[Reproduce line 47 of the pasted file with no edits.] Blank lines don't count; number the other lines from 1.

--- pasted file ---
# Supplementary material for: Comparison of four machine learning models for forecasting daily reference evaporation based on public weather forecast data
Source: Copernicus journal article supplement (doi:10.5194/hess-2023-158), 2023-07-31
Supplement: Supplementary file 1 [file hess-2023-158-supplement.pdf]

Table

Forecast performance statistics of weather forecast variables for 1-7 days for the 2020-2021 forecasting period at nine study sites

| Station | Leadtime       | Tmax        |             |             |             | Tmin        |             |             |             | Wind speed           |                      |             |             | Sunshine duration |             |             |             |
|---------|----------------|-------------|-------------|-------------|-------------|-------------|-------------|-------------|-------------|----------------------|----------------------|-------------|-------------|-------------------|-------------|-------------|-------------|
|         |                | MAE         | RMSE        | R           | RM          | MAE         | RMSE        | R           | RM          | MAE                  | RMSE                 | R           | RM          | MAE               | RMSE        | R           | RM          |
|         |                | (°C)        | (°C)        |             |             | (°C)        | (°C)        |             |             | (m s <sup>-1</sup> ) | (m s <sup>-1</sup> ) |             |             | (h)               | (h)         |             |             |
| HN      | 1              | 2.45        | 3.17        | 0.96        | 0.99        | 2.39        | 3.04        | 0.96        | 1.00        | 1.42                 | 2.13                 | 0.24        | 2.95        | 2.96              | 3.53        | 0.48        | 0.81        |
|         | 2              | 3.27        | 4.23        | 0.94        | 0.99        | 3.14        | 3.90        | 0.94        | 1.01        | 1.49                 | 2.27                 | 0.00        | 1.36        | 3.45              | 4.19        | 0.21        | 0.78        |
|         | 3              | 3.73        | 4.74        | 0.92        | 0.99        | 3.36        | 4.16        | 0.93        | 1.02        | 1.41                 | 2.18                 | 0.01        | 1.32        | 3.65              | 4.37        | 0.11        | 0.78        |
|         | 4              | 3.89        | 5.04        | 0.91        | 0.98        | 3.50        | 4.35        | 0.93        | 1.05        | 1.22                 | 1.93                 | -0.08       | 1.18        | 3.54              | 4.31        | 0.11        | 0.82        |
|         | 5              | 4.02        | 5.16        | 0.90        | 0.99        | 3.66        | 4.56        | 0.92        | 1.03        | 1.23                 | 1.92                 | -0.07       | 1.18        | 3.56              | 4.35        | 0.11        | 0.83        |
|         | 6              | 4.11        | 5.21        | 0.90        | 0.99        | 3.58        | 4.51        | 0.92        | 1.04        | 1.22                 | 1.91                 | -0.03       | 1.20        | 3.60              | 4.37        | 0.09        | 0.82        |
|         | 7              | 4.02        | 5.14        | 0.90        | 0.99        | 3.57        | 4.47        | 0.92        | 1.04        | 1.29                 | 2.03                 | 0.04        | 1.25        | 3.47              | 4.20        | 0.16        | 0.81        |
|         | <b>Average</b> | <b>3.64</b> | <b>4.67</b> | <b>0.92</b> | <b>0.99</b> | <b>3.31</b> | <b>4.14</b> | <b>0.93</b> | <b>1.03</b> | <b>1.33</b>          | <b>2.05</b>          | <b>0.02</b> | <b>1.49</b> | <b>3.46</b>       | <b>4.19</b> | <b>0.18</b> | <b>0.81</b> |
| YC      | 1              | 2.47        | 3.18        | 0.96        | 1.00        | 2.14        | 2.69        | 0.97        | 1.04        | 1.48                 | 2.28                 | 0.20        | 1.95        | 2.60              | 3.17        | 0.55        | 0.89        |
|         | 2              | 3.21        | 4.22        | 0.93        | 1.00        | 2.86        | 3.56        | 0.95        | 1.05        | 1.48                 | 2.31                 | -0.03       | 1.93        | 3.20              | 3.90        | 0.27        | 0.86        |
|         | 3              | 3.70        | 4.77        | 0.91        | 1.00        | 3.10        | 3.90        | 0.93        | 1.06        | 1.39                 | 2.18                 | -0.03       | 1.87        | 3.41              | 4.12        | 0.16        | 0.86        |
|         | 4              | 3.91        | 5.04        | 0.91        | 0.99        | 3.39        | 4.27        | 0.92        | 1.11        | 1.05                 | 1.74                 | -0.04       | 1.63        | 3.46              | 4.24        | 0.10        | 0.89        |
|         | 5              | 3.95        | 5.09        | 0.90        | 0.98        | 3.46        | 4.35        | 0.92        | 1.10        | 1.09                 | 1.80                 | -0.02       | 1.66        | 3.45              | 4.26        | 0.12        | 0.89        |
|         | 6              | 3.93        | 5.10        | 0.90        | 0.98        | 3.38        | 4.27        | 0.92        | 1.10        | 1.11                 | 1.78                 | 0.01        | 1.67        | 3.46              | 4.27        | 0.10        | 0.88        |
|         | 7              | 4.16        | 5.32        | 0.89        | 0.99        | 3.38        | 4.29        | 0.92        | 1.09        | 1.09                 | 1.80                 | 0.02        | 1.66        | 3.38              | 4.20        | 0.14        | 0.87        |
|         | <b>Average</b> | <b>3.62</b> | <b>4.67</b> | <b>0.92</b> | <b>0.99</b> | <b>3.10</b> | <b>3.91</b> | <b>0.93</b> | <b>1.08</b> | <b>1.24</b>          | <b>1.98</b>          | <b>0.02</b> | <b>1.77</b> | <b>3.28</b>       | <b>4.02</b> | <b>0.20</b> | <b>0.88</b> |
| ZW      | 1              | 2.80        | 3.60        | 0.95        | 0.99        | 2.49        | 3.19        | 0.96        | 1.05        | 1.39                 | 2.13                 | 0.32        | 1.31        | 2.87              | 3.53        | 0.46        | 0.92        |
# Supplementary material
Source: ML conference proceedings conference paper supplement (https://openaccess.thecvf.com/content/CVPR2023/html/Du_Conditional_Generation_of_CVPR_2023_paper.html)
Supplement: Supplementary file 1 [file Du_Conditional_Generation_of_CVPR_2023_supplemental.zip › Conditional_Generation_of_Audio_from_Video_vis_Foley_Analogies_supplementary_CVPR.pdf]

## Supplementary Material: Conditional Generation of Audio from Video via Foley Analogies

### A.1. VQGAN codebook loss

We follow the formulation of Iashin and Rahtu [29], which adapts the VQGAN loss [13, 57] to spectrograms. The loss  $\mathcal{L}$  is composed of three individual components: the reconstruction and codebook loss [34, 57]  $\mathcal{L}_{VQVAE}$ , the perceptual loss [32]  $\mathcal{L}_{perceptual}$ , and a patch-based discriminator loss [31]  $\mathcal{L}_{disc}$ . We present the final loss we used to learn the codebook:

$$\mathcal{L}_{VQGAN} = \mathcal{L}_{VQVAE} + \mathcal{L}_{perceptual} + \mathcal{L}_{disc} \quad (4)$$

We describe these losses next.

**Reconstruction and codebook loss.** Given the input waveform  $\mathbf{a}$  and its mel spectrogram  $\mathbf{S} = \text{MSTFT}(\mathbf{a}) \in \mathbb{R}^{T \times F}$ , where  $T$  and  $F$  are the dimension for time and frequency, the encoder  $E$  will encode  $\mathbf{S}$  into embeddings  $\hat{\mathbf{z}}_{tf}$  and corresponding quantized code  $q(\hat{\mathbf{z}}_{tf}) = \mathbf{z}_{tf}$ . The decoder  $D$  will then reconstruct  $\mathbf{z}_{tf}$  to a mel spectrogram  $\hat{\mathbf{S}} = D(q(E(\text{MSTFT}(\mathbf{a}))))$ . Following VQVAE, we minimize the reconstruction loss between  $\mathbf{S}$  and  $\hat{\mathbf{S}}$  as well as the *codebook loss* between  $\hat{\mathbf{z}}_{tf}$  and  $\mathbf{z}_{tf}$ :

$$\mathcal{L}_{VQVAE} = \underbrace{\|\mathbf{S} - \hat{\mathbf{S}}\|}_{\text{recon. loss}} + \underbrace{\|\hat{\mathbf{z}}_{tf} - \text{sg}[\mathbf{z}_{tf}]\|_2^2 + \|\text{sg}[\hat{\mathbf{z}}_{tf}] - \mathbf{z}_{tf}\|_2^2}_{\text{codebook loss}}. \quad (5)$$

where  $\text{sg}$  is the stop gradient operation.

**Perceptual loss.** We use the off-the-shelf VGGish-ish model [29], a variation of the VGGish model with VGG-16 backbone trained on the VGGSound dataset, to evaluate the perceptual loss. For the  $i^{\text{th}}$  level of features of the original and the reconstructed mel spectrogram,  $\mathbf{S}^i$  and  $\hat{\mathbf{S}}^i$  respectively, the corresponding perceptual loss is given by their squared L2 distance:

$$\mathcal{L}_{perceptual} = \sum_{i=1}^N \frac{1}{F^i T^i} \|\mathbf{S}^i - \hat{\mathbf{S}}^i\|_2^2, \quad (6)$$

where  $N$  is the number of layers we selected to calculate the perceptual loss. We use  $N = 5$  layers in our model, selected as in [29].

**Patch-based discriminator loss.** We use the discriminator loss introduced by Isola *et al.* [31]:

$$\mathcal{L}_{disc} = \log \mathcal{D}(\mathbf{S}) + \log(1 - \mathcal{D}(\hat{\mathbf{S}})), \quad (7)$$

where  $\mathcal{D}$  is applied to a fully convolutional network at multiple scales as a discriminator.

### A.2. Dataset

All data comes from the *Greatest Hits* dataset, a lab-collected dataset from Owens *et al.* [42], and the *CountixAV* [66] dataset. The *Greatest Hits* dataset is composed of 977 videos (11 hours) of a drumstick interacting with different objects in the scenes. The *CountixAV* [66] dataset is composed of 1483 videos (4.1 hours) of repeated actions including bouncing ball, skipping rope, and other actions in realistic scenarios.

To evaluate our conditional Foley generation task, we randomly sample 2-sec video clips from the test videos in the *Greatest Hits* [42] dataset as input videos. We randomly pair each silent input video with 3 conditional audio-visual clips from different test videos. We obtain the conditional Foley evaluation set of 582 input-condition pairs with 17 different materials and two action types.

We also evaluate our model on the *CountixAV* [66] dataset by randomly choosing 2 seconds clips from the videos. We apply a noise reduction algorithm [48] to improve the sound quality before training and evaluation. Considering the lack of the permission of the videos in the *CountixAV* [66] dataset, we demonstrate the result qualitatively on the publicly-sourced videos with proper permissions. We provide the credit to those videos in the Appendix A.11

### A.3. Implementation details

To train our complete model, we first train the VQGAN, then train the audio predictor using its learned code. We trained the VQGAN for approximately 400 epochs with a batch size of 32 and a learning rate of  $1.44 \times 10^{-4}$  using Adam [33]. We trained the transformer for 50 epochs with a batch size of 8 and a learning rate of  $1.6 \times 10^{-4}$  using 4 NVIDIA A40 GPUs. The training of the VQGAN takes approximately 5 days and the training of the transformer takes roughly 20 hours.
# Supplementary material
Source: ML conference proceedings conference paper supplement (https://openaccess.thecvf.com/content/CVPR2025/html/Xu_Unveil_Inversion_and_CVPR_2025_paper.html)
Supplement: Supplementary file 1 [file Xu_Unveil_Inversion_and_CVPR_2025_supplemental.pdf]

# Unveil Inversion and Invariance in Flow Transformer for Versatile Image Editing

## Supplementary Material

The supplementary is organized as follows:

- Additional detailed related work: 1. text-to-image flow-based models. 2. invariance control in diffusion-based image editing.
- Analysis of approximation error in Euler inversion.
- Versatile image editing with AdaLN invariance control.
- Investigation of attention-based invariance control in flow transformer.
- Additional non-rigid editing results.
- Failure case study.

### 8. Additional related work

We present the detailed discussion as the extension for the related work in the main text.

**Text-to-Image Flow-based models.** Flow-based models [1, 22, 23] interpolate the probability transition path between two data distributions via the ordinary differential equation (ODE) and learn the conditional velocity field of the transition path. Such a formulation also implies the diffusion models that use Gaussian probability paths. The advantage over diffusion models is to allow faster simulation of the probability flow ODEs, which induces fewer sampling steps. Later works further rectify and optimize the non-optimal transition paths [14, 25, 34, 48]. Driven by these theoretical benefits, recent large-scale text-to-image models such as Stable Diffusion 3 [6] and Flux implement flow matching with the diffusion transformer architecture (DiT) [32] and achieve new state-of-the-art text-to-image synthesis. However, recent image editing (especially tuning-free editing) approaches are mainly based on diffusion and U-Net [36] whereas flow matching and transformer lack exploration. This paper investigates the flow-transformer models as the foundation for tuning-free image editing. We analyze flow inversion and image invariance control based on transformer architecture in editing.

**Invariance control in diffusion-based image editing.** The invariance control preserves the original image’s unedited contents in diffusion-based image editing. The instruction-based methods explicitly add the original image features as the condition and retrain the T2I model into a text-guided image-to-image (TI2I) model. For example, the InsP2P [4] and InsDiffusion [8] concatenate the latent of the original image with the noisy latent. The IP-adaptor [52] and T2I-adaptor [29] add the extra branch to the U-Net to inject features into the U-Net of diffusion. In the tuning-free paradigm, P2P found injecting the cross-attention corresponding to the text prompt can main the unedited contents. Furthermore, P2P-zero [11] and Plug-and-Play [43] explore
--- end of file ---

We also evaluate our model on the *CountixAV* [66] dataset by randomly choosing 2 seconds clips from the videos. We apply a noise reduction algorithm [48] to improve the sound quality before training and evaluation. Considering the lack of the permission of the videos in the *CountixAV* [66] dataset, we demonstrate the result qualitatively on the publicly-sourced videos with proper permissions. We provide the credit to those videos in the Appendix A.11